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AGENTS of MASS DESTRUCTION ARE EVERYWHERE ON EARTH CAUSING EXTINCTIONS CRISIS

At the Center for Biological Diversity, they know the welfare of human beings is deeply linked to nature and the survival of vast diversity of wild life and plants life. Phytochemicals may not be essential for nutrition but they are essential to life’s biological activities.

http://www.biologicaldiversity.org/programs/biodiversity/elements_of_biodiversity/extinction_crisis/

AMPHIBIANS: Roughly 6,300 known species of amphibians are at risk of extinction (Wake et al., 2008). The current amphibian extinction rate may range from 25,039 to 45,474 times the background extinction rate (McCallum, 2007).

BEES:  Pollinator decline and colony collapse disorder. From 1972 until 2006, there was a dramatic reduction in the number of feral honey bees in the US, which are now almost absent (Watanabe, 1994). Few ecological disasters have been as confounding as the massive and devastating die-off of the world’s honeybees. The phenomenon of Colony Collapse Disorder (CCD) in which disoriented honeybees die far from their hives has kept scientists, beekeepers, and regulators desperately seeking the cause of this disaster. After all, the honeybee, are nature’s ultimate utility player, pollinating a third of all the food supply and contributes to an estimated $15 billion in annual agriculture revenue to the U.S. economy.

The long list of possible suspects has included pests, viruses, fungi, and also pesticides, particularly so-called neonicotinoids, a class of neurotoxins that kills insects by attacking their central nervous systems (CNS).  For years, the leading manufacturer, Bayer Crop Science, a subsidiary of the German pharmaceutical giant Bayer AG (BAYRY), has tangled with regulators and fended off lawsuits from angry beekeepers who allege that the pesticides are causative of disoriented and ultimately killed their bees (Eban, 2010).

BIRDS: A 2009 report on the state of birds in the USA found that 251 (31%) of the 800 species in the country are of conservation concern, globally.  BirdLife International estimates that 12% of known 9,865 bird species are now considered threatened, with 192 species, or 2%, facing  an “extremely high risk” of extinction in the wild — two more species than in 2008. Habitat loss and degradation have caused most of the bird declines, but the impacts of invasive species and capture by collectors play a big role, also.

FISH:  Gender benders caused by plastic pollution in our ocean is increasing at an alarming rate. These non-specific gender fish are no longer able to fertilize female fish eggs thereby we are in the process of eradicating most fish and coral from our oceans and fresh water. Between gender benders and over fishing our waters it is predicted, at this rate, within the next decade they will be very little to no fish left including coral life! The greed of mass destruction are humans if you can call it that?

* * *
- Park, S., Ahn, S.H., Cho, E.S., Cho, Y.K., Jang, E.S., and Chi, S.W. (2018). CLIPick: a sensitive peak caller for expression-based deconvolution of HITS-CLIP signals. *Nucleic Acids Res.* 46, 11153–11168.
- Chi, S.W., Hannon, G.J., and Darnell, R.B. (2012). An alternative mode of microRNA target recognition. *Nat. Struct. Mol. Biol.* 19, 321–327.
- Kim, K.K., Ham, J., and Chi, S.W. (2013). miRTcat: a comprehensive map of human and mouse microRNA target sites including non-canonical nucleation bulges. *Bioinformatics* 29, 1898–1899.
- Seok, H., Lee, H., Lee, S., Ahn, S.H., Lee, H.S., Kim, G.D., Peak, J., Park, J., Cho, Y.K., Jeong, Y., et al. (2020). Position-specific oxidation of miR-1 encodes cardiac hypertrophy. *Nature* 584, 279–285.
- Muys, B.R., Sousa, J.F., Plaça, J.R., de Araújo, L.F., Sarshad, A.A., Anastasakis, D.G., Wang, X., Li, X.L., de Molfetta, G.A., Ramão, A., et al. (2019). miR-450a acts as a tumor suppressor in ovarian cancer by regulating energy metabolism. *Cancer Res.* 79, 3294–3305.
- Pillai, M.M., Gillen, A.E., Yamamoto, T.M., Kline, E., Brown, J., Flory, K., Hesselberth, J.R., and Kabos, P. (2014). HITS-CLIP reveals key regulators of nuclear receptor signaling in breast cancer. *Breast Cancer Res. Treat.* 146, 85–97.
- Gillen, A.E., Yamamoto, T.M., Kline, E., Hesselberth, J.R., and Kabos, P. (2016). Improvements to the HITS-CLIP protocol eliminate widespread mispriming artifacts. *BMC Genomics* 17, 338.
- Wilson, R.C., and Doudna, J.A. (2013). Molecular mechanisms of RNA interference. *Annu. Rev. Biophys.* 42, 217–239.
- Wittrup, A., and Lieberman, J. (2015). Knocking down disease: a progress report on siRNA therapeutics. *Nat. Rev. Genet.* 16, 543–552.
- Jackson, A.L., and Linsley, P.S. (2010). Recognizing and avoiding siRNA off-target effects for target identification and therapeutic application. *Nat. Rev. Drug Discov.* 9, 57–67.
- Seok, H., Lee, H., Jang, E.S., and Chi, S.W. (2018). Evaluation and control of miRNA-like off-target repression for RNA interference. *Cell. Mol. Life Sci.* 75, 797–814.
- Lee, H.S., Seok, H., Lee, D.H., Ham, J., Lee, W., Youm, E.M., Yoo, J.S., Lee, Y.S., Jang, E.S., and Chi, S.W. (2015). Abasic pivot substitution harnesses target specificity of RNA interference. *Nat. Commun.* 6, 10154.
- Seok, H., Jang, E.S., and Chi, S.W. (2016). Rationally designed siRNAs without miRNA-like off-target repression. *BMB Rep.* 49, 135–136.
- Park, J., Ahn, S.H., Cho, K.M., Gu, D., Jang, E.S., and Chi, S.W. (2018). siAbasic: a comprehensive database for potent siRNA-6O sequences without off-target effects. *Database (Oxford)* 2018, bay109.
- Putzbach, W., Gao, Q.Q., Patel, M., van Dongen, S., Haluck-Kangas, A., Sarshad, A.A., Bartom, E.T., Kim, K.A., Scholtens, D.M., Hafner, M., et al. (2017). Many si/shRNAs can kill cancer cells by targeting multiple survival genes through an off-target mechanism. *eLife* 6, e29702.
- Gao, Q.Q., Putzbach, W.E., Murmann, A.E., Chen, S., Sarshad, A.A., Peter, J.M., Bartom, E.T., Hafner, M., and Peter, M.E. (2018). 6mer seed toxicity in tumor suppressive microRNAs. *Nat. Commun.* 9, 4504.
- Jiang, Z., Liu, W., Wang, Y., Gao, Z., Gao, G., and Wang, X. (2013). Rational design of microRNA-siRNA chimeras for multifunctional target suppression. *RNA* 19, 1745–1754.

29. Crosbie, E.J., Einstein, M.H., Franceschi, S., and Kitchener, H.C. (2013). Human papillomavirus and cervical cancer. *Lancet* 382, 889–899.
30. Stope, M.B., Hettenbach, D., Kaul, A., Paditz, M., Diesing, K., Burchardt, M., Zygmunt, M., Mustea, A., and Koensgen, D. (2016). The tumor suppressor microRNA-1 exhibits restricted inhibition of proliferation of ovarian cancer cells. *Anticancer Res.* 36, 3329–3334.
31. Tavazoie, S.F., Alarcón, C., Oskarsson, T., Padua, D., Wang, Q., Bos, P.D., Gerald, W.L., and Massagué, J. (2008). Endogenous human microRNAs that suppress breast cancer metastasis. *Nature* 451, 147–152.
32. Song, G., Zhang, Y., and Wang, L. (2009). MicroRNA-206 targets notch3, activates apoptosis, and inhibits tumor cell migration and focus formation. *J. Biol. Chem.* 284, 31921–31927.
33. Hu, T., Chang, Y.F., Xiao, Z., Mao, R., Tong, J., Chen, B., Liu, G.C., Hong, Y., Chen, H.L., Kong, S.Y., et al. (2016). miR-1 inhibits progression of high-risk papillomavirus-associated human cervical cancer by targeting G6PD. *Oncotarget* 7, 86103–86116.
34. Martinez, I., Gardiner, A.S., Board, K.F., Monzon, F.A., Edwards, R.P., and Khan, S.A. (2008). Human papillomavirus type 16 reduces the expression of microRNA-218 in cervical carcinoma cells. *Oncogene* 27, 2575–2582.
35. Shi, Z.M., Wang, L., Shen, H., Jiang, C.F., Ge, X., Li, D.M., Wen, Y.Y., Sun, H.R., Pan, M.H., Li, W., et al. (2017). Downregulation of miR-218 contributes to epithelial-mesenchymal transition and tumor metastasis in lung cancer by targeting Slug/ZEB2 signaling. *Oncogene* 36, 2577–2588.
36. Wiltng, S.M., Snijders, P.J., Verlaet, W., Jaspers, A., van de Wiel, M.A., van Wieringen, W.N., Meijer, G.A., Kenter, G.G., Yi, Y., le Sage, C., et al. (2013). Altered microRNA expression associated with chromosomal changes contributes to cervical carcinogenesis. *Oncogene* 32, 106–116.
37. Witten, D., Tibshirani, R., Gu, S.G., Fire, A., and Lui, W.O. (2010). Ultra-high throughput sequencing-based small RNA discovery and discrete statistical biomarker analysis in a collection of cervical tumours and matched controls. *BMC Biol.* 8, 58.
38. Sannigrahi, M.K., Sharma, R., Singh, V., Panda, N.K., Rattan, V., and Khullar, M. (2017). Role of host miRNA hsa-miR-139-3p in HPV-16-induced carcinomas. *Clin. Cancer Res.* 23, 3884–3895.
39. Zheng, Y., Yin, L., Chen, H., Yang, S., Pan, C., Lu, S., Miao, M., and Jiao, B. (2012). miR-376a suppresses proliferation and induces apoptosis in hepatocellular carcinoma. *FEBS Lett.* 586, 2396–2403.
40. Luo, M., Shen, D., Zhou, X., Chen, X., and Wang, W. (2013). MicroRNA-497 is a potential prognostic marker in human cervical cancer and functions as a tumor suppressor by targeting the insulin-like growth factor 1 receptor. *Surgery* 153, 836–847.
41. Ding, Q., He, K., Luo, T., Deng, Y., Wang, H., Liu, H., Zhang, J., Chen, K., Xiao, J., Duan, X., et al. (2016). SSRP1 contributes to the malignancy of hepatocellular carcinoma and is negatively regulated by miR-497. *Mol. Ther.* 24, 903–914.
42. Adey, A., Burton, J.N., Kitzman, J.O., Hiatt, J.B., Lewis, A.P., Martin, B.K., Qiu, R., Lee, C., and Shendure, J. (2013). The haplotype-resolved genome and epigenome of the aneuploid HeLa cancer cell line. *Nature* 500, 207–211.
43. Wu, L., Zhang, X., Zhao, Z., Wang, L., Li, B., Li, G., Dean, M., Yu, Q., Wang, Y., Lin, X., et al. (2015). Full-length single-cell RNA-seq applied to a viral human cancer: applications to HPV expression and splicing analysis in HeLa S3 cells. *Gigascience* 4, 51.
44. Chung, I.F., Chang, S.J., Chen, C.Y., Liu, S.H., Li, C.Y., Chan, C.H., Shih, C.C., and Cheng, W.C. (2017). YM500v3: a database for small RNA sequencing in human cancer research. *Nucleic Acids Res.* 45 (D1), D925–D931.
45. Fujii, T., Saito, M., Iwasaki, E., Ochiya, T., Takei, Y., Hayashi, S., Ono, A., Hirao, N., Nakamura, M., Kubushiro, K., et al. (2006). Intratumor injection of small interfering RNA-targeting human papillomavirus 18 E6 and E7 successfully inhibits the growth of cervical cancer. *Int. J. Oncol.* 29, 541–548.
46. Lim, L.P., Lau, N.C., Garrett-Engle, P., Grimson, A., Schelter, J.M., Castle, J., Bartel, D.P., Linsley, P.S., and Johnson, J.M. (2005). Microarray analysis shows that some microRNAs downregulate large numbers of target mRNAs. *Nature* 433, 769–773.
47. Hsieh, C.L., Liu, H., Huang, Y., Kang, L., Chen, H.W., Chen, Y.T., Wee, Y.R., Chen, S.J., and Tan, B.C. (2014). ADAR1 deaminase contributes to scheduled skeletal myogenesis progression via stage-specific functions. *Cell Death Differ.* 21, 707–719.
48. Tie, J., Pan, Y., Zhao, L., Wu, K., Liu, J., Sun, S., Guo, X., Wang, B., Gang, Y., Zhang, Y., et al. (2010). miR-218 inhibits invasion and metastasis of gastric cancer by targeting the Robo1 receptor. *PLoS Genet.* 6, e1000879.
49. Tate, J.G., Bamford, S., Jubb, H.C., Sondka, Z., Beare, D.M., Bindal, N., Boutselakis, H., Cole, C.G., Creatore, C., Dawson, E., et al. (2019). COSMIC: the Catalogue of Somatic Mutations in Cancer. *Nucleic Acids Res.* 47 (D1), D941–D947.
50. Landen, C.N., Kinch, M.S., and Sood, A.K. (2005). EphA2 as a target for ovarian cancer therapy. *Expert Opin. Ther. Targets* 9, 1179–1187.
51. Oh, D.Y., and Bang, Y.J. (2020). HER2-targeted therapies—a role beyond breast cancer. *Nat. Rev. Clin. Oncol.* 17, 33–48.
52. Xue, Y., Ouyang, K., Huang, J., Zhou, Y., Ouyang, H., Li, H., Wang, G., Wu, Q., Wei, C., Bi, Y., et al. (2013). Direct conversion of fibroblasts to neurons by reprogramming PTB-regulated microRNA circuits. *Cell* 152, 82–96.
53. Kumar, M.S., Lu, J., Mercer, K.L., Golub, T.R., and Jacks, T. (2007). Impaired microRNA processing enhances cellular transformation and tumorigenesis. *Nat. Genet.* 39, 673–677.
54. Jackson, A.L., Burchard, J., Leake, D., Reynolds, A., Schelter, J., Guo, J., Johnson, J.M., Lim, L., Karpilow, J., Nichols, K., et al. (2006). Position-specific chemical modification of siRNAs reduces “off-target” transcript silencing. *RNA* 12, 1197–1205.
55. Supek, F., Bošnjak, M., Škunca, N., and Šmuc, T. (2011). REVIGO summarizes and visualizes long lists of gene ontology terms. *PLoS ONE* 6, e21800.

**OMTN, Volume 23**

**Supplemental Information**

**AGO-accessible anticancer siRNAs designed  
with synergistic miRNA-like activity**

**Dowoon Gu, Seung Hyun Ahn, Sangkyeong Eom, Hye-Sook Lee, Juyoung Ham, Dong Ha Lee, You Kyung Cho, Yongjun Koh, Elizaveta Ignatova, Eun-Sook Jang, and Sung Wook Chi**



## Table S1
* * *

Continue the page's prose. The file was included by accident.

Fish in the North Pacific ingest 12,000 to 24,000 tons of plastic each year, which can cause intestinal injury and death and transfers plastic up the food chain to bigger fish and marine mammals.

Plastic pollution doesn’t just hurt marine species but is also harmful to humans. As plastic debris floats in our oceans, it absorbs dangerous pollutants like PCBs, DDT and PAH. These chemicals are highly toxic and have a wide range of chronic effects, including endocrine disruption and cancer-causing mutations. The concentration of PCBs in plastics floating in the ocean has been documented as 100,000 to 1 million times that of surrounding waters. When animals eat these plastic pieces, the toxins are absorbed into their body and passed up the food chain.

As plastics break down in the ocean, they also release toxic chemicals such as bisphenol A (BPA), which does enter our food chains. When fish and other marine species mistake the plastic items for food, they ingest these particles and pass toxic chemicals through our food chain and ultimately to our dinner plates.

Source: http://www.biologicaldiversity.org/campaigns/ocean_plastics/

INVERTEBRATES: From butterflies to mollusks to earthworms to corals, all are vastly diverse.  No one knows just how many invertebrate species exist; they’re estimated to account for about 97 percent of the total species of animals on Earth (Wolosz T. 1988). Of the 1.3 million known invertebrate species, the IUCN has evaluated about 9,526 species, approximately 30% of the species evaluated at risk of extinction. Freshwater invertebrates are severely threatened by water especially plastic pollution, groundwater withdrawal, and water projects.  A large number of invertebrates of notable scientific significance have become either endangered or extinct due to deforestation, especially because of the rapid destruction of tropical rainforests. In the ocean, reef-building corals are declining at an alarming rate: 2008’s first-ever comprehensive global assessment of these animals revealed that a third of reef-building corals are threatened.

Plastic Paradise documentary by the journalist Angela Sun on Netflix is one of the most important documentaries of our time and should be viewed by everyone.  http://plasticparadisemovie.com/